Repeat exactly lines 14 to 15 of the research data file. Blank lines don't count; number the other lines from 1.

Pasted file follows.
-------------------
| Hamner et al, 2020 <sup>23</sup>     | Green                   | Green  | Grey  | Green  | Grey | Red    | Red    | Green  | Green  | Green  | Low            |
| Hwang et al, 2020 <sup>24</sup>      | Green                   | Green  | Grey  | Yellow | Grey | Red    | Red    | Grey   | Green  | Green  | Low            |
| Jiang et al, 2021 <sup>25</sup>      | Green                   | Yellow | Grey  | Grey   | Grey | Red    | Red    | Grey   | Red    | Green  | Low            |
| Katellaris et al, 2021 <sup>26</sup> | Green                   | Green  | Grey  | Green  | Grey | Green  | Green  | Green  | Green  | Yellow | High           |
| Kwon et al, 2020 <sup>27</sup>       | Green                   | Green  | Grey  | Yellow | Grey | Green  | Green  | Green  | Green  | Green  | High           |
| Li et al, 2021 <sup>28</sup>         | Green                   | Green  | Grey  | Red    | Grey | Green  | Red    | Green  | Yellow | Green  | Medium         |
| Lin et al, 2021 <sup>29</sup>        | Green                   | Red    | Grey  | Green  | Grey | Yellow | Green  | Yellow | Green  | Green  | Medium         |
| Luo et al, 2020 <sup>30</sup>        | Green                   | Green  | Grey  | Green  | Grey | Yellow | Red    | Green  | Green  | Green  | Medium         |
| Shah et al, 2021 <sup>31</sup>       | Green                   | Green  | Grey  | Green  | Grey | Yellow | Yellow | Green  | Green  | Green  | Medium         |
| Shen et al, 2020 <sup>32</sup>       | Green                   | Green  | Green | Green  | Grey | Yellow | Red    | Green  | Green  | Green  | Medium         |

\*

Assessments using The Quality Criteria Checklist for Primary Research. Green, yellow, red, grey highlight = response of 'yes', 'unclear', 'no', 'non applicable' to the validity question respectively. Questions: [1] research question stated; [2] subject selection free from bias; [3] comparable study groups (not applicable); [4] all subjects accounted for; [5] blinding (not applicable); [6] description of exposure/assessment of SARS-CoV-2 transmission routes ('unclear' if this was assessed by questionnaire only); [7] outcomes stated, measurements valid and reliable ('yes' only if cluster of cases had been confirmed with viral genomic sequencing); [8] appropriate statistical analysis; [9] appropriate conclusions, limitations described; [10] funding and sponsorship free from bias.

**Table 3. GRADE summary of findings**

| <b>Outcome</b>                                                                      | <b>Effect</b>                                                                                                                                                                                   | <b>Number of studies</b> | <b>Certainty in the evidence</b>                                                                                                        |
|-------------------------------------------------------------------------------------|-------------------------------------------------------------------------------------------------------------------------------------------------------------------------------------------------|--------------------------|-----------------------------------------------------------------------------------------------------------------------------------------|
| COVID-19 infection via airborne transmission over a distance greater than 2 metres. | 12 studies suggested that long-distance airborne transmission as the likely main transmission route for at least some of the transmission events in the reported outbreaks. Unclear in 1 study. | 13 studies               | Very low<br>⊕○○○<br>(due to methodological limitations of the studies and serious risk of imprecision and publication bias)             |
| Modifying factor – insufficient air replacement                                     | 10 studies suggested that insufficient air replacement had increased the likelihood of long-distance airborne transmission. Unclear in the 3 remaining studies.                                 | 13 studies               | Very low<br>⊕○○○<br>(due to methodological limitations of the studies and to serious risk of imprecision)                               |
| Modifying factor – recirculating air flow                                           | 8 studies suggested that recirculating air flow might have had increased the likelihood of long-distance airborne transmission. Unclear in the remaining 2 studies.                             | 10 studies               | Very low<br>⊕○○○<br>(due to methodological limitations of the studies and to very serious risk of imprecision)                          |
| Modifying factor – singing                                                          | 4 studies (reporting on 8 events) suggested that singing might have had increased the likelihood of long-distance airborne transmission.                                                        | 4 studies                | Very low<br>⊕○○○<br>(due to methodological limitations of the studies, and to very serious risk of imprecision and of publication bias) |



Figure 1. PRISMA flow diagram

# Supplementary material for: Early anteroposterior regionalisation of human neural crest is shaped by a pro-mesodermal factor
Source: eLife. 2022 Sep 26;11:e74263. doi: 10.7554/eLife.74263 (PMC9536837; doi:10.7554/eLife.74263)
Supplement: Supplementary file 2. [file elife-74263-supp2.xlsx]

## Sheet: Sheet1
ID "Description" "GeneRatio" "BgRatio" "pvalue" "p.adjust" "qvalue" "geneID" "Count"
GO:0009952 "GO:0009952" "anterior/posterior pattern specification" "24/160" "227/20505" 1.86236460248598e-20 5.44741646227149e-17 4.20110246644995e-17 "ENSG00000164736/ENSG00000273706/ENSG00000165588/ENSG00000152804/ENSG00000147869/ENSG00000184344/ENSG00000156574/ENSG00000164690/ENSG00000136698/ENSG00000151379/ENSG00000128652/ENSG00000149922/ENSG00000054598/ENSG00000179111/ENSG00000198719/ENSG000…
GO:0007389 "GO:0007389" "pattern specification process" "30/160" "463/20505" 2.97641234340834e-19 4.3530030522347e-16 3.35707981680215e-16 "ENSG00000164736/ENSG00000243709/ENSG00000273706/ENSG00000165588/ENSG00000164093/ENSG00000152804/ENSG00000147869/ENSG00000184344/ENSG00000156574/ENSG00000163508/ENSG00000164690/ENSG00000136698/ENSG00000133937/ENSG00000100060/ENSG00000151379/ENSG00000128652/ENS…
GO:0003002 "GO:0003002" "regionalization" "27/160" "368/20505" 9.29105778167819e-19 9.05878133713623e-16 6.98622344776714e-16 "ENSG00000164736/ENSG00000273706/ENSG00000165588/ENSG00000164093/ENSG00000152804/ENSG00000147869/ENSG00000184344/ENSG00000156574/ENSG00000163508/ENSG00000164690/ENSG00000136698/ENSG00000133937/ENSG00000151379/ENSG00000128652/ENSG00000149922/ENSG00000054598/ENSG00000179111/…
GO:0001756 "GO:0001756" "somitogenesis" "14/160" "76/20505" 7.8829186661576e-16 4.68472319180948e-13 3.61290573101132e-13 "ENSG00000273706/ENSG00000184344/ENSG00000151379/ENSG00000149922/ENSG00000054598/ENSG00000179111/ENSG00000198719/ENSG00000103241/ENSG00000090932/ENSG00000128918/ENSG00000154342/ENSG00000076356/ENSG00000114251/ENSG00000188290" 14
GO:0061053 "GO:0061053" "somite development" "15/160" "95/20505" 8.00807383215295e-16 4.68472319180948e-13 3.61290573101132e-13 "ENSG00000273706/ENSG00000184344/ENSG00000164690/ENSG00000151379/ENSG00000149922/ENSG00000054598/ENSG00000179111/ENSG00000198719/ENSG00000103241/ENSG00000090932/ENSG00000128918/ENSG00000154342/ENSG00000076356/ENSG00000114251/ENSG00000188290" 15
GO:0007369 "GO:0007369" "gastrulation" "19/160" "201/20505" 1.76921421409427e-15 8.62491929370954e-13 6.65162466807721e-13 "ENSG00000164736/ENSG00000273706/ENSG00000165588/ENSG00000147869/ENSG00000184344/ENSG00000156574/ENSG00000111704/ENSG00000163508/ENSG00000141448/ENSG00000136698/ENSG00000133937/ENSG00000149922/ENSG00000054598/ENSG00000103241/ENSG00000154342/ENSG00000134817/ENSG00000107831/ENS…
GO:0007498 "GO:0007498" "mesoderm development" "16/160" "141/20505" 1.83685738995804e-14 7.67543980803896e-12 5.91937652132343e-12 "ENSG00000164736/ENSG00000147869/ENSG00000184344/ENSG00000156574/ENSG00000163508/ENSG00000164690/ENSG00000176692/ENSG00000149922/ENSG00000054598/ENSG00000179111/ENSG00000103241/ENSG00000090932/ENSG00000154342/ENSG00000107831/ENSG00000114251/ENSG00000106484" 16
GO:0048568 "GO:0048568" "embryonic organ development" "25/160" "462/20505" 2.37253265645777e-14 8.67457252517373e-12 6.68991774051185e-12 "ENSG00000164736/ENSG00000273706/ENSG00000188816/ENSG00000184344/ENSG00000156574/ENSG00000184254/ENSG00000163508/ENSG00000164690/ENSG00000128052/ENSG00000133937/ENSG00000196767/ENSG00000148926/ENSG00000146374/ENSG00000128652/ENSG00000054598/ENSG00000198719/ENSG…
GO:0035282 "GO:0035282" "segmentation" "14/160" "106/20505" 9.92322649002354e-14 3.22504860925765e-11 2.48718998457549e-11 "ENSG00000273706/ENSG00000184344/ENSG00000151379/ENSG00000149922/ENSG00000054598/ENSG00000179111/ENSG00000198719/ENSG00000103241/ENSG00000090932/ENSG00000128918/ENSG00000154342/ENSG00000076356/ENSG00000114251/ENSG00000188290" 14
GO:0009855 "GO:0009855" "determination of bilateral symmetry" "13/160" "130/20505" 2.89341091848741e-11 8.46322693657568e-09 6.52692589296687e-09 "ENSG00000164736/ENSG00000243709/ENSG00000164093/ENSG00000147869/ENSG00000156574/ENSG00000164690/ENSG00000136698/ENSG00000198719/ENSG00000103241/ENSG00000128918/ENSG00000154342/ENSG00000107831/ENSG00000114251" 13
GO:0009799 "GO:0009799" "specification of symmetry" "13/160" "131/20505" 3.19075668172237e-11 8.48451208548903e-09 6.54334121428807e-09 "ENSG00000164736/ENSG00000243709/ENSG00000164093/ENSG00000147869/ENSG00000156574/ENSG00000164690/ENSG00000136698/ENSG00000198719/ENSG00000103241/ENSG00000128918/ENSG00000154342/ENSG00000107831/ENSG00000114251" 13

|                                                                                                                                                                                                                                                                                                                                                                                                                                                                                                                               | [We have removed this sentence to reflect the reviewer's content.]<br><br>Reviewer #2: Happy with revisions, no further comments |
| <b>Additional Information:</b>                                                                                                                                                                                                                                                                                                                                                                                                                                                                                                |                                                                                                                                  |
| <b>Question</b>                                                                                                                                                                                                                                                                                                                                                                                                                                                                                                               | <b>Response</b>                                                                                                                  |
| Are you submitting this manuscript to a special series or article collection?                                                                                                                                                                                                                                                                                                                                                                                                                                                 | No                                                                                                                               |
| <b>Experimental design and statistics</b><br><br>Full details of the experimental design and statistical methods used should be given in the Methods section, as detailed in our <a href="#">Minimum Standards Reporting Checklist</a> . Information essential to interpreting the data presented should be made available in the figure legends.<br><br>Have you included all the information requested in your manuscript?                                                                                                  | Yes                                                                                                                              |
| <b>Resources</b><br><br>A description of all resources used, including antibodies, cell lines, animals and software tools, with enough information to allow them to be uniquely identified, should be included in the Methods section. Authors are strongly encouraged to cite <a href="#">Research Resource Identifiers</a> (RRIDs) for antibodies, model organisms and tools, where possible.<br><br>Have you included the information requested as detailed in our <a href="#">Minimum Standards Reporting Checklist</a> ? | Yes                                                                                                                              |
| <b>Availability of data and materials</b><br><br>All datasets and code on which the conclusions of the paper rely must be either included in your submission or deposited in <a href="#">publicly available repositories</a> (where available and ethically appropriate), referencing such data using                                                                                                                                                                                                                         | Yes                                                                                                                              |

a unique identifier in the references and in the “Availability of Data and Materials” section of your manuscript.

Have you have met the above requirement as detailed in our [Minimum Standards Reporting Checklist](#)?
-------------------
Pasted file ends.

| <b>Outcome</b>                                                                      | <b>Effect</b>                                                                                                                                                                                   | <b>Number of studies</b> | <b>Certainty in the evidence</b>                                                                                                        |
|-------------------------------------------------------------------------------------|-------------------------------------------------------------------------------------------------------------------------------------------------------------------------------------------------|--------------------------|-----------------------------------------------------------------------------------------------------------------------------------------|